Why Microsoft's vision of the future will really happen

Two videos from Microsoft show the future of technology. Here's why I think they're dead-on

Microsoft released a video in 2008 and another one this week that together predict the sleek, wireless, connected gadgets we'll all enjoy by the year 2019.

Called Productivity Future Vision and Future Vision 2019, the videos fascinate in the way that science fiction does. But what's even more interesting is that this vision will almost certainly come true.

Microsoft's videos depict their vision of the future. Use the "Next" button to advance between the two videos.

When you see them, you may be surprised by my conclusion. Will technology really move that fast?

Just remember how quickly things moved in the past 10 years.

Ten years ago, there was no such thing as a multitouch consumer device -- no iPhone, Android phone or anything even remotely like it. The original iPod was brand new, and there was no iTunes store for buying music. There was no Xbox, no YouTube, no Flickr, no Reddit. Google was just a search engine. Gmail, Maps, Docs, Calendar, Voice, Talk, Reader and many other Google services didn't exist.

Facebook? Ha! Mark Zuckerberg was still in high school, and even MySpace was still years away.

In fact, virtually every aspect of today's consumer electronics scene was nonexistent or even beyond imagining 10 years ago. Almost everything Apple sells right now -- the iPad, iPhone, Siri, Apple TV, iMac, MacBook Air and other products, would have seemed like science fiction in 2001.

When most people imagine the future of technology, they envision better versions of what they've already got. But changing technology will sweep away almost all the products and services we use today.

Microsoft's videos brilliantly capture what is likely to replace them.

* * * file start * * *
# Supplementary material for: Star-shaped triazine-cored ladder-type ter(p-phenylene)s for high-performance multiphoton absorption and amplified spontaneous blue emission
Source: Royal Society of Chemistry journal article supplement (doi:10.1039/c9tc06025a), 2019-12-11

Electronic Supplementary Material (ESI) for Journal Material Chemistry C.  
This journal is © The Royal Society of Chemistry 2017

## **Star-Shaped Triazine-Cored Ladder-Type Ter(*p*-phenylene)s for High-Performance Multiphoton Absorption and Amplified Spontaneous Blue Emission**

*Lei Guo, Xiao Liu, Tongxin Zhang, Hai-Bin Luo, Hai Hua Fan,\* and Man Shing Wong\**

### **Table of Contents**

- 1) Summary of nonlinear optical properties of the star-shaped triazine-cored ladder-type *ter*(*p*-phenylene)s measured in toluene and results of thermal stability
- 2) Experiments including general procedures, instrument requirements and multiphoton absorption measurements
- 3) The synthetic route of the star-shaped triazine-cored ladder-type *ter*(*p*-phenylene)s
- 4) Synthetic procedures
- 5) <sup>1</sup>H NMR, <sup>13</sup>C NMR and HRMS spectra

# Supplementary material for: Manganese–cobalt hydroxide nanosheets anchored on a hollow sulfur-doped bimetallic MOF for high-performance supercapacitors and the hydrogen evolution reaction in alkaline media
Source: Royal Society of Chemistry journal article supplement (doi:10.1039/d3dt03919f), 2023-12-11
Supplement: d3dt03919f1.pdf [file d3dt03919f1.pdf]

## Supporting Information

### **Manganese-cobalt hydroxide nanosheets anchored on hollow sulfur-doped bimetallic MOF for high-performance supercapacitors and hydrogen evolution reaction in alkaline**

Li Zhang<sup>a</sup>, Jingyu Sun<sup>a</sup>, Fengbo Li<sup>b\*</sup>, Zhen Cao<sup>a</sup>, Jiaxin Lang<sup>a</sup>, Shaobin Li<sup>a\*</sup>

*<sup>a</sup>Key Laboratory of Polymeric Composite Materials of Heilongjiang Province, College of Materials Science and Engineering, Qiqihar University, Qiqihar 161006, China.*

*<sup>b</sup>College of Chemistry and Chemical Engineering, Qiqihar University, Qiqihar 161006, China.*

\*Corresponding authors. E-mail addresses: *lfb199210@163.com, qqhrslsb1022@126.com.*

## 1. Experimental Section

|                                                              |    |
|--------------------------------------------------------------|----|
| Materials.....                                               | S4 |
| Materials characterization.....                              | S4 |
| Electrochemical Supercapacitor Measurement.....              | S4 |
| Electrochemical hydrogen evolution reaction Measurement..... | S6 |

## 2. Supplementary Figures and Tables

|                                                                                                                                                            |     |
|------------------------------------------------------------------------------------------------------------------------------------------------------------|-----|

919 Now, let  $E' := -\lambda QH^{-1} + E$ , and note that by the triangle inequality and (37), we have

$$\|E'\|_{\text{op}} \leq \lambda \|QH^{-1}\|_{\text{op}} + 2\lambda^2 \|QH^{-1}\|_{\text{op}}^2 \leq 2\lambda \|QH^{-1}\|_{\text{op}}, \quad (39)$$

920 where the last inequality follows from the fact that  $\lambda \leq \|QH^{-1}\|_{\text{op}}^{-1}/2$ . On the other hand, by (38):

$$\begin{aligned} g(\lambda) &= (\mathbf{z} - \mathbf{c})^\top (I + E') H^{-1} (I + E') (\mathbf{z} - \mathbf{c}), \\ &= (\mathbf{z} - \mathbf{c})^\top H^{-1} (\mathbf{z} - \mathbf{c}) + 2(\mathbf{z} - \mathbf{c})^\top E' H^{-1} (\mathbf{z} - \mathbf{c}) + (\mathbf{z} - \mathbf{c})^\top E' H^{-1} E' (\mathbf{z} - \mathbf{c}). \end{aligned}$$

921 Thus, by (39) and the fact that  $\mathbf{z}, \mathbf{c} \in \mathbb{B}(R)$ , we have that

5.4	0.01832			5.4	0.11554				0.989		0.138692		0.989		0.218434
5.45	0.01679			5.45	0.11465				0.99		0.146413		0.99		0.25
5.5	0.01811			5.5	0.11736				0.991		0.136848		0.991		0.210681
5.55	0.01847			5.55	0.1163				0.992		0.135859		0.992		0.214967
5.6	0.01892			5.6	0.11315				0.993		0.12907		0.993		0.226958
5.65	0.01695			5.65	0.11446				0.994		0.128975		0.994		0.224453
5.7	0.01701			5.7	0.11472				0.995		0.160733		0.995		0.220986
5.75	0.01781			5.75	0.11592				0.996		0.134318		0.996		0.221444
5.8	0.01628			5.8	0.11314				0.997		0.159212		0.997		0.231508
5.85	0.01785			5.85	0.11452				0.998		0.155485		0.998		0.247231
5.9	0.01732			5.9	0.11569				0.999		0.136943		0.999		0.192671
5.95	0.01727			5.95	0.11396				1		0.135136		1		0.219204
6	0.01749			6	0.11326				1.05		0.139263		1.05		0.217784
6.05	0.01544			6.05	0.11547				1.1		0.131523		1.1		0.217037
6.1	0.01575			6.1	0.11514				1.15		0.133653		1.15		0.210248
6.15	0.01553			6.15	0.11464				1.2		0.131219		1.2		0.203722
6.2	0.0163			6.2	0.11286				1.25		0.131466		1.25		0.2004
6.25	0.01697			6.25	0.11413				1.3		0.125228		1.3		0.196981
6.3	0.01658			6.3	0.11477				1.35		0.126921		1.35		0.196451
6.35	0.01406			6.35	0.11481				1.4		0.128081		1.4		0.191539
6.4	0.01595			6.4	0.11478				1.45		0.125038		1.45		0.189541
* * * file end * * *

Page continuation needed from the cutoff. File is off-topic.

Where did these videos come from?

Office Labs is one of Microsoft's in-house think tanks. The initiative comes up with working concepts, some of which can be downloaded and experimented with (you need to be running Microsoft Office). Some of them are created by employees in their own time (similar to Google's 20% time projects).

Many of the Office Labs concepts would require technologies and computing power that aren't available yet. So the researchers create special-effects-laden videos and demos to communicate ideas. Microsoft also maintains an "Envisioning Lab" where close business partners can see and discuss the prototypes on display.

What to look for in the videos

In Microsoft's vision of the future, connected computers and displays are built into everyday objects.

A woman's eyeglasses whisper real-time translations of a foreign language in her ear. A coffee cup shows the drink's temperature and has a display that indicates how high the liquid is inside. An electronic newspaper is as thin and flexible as actual paper, but it functions like a wireless connected multitouch text-and-video e-reader.

"Monitors" in the video are often depicted as clear smart glass. Call 'em "Microsoft Windows." What the heck.

A businessman uses a clear-glass display that is straight-up Minority Report, controlled with both touchscreen and "wave your hands in the air like you just don't care" gestures. Both display and touch-input devices look like regular clear glass until they come to life with gestures. In some scenes, touch gestures become in-air gestures, as they extend beyond the screen.

On-screen buttons, dials and other controls appear as needed for the task at hand, then vanish when no longer required.

A clear-glass stylus is also used in one scene, suggesting a role for a pen.

Keyboards are depicted, both the onscreen and physical variety. But there's a lot less typing in this future, as Siri-like voice assistance and dictation replaces most typing.

See-through glass displays, of course, are perfect for augmented reality. A mobile version is held up to a green plant, which is visible through the clear glass. But then the device recognizes the species, and throws information about it on the screen.

The window of a taxi turns into an augmented reality screen, pointing out to the passenger the building where her meeting is to take place the next day.

Other displays aren't clear, but appealingly opaque. In many cases, surfaces that used to hold analog information tools themselves replace the tools. For example, instead of a whiteboard mounted on a wall -- a standard feature in today's conference rooms -- the wall of the future is the whiteboard -- computerized and connected, of course. Instead of a tablet on a table, the table is the tablet.

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